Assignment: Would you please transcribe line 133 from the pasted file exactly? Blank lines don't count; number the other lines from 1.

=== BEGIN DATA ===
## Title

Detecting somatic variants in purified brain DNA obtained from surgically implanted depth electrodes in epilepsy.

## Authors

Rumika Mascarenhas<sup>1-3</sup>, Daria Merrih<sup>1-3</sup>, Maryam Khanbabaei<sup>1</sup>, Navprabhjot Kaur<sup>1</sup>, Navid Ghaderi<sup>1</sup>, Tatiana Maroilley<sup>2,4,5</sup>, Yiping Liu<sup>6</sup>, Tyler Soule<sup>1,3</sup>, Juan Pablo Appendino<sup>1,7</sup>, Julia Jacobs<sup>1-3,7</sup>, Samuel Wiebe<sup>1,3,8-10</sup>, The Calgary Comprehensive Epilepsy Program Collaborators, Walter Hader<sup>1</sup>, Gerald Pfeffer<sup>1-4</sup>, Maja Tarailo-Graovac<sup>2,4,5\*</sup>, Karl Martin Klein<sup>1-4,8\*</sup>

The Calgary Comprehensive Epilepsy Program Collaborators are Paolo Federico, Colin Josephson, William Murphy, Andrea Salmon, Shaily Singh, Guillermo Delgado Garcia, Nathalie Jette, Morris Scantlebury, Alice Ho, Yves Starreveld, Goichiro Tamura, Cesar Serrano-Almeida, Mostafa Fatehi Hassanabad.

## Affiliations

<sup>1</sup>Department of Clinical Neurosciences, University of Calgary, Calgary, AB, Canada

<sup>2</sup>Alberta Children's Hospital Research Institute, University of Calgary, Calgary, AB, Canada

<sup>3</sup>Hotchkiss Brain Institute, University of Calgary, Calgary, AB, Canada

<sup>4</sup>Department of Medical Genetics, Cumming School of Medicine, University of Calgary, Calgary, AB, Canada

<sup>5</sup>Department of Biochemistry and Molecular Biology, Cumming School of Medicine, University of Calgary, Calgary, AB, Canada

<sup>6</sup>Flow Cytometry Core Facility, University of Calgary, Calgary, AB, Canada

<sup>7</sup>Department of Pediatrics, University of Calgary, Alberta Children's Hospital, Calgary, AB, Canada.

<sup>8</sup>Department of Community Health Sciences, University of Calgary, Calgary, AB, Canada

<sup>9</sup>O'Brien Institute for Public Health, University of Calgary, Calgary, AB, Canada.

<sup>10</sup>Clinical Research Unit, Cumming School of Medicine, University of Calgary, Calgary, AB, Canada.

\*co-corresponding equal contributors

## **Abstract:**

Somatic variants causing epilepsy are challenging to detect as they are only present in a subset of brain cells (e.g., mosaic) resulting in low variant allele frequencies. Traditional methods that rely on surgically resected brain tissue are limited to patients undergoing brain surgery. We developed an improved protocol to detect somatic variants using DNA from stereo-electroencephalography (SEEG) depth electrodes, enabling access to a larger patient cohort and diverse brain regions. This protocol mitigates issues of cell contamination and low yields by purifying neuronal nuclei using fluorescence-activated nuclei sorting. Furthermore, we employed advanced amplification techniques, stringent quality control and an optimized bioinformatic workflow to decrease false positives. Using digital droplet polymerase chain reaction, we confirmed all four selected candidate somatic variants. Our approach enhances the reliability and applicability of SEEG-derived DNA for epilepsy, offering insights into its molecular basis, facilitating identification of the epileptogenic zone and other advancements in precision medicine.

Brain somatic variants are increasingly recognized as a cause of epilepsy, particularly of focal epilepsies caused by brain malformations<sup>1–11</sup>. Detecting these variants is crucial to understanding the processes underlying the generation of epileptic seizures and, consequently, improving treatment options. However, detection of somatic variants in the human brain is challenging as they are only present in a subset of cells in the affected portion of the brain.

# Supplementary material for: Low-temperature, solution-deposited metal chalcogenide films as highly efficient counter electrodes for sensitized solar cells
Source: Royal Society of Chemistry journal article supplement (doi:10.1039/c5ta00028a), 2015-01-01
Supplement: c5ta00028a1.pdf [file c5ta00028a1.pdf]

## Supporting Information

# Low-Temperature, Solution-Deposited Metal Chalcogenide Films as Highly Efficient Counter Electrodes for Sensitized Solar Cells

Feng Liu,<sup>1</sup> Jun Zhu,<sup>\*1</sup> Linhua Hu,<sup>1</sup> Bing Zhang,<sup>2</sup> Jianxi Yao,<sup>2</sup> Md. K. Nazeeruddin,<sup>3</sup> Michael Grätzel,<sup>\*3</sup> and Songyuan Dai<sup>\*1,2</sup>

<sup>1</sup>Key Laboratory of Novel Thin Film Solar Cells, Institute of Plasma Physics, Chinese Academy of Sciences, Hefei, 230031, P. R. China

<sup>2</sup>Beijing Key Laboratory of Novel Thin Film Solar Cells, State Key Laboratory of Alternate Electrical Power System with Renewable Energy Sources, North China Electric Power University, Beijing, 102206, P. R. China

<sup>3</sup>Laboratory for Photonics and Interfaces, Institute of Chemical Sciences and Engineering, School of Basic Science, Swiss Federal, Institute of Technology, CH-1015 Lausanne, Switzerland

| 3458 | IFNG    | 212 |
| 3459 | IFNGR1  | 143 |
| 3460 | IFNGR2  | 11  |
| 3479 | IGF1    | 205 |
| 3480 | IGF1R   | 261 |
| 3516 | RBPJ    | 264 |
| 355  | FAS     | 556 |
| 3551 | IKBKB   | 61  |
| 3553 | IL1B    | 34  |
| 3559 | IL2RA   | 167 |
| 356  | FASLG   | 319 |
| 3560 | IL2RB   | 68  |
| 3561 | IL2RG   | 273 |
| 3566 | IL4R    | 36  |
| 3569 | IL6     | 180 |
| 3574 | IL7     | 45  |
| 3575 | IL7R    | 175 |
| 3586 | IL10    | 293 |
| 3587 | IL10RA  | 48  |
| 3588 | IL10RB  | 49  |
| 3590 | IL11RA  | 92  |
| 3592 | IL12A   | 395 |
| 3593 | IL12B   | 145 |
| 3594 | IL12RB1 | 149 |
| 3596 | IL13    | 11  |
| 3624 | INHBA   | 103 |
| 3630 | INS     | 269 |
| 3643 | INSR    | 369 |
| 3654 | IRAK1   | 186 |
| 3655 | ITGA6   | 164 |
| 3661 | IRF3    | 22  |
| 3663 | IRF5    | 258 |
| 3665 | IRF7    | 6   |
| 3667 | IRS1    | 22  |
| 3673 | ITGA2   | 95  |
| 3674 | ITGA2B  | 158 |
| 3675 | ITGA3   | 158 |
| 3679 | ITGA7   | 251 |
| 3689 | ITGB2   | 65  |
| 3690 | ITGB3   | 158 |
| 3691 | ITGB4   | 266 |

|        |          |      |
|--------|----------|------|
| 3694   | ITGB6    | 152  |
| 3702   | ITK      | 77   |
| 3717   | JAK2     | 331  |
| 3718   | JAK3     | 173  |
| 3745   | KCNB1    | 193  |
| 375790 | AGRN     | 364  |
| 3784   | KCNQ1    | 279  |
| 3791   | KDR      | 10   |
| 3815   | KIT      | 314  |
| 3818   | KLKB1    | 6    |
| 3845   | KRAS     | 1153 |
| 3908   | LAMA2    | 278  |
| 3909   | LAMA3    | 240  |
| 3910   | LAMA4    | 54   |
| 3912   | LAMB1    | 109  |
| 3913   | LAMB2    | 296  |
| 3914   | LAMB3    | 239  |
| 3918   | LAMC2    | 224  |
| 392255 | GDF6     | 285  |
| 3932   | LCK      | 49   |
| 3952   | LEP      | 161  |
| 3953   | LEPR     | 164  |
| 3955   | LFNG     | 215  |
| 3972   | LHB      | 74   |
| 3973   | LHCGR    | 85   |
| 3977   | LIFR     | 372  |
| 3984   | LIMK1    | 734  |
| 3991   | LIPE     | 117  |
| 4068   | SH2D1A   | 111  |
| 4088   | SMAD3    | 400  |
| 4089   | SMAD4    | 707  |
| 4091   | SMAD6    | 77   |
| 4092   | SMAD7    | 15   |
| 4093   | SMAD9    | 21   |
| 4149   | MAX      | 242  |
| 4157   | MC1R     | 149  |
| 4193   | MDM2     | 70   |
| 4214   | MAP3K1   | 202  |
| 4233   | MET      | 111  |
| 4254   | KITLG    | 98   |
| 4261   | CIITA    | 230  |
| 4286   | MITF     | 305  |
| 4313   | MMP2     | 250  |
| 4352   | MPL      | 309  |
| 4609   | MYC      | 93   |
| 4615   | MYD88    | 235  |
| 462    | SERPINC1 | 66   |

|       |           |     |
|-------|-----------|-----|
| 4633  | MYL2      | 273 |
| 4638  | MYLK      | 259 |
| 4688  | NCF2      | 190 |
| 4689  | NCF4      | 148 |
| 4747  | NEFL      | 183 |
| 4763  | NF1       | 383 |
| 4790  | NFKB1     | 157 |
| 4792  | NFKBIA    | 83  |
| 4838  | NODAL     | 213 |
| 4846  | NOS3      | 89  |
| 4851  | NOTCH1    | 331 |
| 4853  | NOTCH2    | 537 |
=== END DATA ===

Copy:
| 4853  | NOTCH2    | 537 |